By miniaturizing and ruggedizing equipment used for quantum paramagnetic spectroscopy, it is now possible to take a real-time chemical snapshot of molecules flowing through the wellhead or other surface fixtures. The digital time-series captures unique chemical properties of the fluid, such as the percentage of asphaltene in the oil, the oil-water ratio and gas-oil ratio. That data can be transmitted via industry-standard cloud protocols and be monitored from a global service center. 12 months of real-time data has been collected from operations around the world and the real-time monitoring has enabled prompt feedback for upgrades in both hardware and software. In a three-phase well configuration that had high rates of both water (over 90%) and gas (~1 MMSCf/day), this feedback drove some significant hardware modifications in order to optimize the consistency of asphaltene data.
The heart of the system is a microwave resonator that was designed to receive fluid at wellhead conditions with minimal reduction from wellhead pressure and temperature. The parameters of the resonator were optimized to maximize microwave intensity for typical oilfield fluids. A tailor-made set-up of fluid accumulator and control-valves upstream of the resonator ensured that the resonator could obtain samples that were mostly oil. By combining the resonator with a solenoid that created a large magnetic field across the oil, the resulting system provided spectroscopic data similar to that available in chemical laboratories but in a smaller package and one that tolerates some gas and conductive water in the oil. The combined quantum data is now provided continuously to the operator via a cloud or other communication architecture of operator choosing. It is anticipated that the resulting Internet of Things (IoT) system will make possible the optimization of chemical program and asphaltene remediation by incorporating system data with integrated flow assurance management. Qualification for offshore is ongoing with 5ksi pressure certification already achieved.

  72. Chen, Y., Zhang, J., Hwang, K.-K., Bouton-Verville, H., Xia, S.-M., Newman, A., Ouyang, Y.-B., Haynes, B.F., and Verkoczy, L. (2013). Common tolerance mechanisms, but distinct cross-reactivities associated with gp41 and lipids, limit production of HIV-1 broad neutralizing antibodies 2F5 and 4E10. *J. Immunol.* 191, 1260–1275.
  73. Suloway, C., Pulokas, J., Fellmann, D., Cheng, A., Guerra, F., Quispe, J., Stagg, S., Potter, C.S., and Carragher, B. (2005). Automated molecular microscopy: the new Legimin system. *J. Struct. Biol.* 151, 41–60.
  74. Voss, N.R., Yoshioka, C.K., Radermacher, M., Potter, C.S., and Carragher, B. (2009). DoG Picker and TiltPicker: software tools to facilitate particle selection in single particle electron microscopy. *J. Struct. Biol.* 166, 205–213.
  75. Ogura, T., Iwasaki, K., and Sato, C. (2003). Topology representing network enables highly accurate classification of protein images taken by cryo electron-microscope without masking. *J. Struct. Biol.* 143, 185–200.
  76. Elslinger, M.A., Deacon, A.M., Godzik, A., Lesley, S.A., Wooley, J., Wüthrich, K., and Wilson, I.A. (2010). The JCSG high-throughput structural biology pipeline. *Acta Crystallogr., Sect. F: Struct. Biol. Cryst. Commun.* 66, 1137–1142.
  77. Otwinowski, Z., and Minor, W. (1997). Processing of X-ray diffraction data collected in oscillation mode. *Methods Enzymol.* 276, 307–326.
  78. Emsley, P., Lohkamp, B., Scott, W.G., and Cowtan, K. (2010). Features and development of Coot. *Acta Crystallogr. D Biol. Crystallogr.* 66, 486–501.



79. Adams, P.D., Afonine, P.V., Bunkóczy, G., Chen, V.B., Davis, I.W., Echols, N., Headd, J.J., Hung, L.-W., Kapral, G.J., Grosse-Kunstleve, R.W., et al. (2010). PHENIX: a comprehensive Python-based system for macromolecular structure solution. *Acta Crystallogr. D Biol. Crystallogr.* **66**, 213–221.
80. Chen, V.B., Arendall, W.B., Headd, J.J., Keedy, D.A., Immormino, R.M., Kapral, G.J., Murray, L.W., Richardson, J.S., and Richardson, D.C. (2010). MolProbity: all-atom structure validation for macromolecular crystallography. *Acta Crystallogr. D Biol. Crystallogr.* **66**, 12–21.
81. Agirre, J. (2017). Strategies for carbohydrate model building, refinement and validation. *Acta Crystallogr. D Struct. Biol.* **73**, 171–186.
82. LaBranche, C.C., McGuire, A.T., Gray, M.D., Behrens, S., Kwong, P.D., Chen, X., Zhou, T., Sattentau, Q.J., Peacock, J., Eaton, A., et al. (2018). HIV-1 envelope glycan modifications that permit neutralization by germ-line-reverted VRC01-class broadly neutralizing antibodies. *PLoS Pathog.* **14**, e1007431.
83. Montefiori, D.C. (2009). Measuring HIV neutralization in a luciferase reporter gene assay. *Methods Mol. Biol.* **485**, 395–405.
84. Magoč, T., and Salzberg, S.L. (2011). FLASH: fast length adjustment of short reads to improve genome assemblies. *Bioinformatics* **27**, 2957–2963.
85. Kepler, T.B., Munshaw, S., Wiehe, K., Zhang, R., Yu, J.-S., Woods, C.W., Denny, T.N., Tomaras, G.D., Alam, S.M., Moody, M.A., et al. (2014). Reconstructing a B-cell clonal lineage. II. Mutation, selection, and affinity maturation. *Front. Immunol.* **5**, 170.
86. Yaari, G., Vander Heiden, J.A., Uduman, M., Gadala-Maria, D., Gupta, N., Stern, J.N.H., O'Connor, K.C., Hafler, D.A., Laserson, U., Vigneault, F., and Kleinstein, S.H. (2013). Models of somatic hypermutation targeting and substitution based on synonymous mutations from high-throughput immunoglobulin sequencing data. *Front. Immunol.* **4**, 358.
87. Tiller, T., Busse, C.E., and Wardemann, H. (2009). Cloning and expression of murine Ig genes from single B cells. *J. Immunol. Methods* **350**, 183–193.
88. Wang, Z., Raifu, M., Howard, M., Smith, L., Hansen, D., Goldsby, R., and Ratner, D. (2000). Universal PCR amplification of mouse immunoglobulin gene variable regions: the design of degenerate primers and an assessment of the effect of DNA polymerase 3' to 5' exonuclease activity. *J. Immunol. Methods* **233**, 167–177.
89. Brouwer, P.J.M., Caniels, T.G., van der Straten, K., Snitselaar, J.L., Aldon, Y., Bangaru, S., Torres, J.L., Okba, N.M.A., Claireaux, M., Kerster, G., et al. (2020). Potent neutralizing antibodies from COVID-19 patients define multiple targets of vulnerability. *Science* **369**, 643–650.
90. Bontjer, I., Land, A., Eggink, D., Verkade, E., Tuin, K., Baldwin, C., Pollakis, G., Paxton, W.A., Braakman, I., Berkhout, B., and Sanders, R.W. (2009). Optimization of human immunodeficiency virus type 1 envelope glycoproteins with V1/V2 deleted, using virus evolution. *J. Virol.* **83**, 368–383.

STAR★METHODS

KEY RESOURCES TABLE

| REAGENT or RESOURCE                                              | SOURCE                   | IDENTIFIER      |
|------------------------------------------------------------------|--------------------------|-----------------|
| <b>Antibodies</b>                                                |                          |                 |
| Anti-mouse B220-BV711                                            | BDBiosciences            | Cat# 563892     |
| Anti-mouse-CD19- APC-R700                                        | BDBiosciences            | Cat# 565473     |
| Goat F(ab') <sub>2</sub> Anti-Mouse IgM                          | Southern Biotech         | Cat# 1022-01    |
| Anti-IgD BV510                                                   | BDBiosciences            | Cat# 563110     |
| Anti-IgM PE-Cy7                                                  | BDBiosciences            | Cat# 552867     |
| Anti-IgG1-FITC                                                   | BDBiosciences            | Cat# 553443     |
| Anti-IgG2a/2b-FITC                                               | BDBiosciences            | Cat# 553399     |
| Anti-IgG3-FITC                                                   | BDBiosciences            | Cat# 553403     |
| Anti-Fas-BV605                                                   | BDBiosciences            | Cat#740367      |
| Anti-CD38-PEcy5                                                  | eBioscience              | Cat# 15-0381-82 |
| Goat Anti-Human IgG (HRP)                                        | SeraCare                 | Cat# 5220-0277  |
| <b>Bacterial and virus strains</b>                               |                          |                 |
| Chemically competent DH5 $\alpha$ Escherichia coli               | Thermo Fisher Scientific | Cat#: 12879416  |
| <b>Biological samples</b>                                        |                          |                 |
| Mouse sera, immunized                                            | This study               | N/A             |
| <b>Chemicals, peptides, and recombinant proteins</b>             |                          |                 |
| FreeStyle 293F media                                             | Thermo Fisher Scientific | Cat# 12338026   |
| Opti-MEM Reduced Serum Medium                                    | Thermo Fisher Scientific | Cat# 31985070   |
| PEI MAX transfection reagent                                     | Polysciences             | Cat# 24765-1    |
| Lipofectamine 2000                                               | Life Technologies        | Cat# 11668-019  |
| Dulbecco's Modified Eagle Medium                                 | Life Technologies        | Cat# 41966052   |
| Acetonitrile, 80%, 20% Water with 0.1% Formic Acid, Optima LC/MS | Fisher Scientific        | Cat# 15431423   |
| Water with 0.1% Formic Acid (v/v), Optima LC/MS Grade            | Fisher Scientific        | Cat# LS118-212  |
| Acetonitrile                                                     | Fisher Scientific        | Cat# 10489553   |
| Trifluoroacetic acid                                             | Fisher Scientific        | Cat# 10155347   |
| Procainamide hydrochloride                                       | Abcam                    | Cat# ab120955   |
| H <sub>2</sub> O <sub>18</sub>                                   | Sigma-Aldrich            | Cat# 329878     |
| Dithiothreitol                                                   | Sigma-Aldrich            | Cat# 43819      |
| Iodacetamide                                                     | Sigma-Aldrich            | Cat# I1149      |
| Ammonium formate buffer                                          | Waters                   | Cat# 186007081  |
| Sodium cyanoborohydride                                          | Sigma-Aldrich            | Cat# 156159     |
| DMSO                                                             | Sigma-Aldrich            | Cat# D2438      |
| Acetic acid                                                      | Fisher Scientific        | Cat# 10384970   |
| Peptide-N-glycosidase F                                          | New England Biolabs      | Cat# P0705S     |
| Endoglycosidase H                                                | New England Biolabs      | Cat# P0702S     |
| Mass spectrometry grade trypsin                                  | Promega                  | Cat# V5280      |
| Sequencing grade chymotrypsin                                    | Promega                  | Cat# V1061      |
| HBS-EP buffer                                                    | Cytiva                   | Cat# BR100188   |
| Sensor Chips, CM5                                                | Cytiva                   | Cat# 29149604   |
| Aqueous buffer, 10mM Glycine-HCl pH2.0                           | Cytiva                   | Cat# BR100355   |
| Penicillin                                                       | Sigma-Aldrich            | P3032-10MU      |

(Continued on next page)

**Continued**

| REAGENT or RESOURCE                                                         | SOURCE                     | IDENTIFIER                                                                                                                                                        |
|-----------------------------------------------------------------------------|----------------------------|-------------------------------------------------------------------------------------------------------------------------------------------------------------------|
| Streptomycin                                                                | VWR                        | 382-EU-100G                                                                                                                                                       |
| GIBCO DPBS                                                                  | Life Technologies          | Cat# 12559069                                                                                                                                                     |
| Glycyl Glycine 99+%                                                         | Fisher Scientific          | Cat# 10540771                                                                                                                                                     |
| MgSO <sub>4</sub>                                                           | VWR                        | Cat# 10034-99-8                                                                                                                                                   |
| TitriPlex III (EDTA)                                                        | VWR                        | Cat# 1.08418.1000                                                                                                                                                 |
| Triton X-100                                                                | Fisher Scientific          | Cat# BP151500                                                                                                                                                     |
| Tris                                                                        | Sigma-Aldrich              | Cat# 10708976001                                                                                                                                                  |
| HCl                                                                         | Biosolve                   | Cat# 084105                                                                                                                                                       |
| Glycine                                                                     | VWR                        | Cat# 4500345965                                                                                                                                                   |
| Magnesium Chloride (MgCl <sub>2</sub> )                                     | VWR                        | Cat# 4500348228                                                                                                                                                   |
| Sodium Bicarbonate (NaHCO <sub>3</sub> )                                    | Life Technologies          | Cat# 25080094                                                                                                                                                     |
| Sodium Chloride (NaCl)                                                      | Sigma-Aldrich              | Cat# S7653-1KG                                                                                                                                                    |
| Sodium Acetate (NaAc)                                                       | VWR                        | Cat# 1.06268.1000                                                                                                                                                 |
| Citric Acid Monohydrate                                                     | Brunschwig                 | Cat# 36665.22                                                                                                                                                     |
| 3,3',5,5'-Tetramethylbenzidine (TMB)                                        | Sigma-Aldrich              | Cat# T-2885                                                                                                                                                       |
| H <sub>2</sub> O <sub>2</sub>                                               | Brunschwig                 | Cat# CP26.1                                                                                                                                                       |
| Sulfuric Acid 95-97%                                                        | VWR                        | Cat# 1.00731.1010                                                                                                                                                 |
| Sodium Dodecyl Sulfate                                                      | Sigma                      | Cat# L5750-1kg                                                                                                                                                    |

It was not obvious before installation, but once the 3-phase system was installed and the data transmitting in real-time, it became clear that software to automatically extract asphaltene information from spectral data needed to be able to cope with sudden and large changes in both asphaltene level and water-cut/gas-oil ratio which in turn required building an adaptive software model. Asphaltene percentage at one producing well was seen to vary from 0.3% to 3% in a single day. It was also discovered from the cloud-based monitoring that daily temperature variation introduced a phase variation in the shape of the sensor response. Correct derivation of spectral voltages was achieved through the combination of machine learning, model-based analysis and additional diagnostic data such as the quality factor of the resonator and its resonance frequency. As a consequence, the AI-based software could extract the not only the asphaltene percentage but the oil-water cut in the resonator and its gas-oil ratio.
For the first time, it is now possible to make a change in, say injected chemicals, look at the times-series data for the corresponding change in asphaltene and then adjust the chemicals accordingly. Such frequency of sampling (and volume of data) would be too much to handle with samples collected by hand. This device lays the platform for a multiplicity of chemical sensors to be connected to the cloud in real-time and in turn sets the stage to take the hardware offshore and eventually to subsea.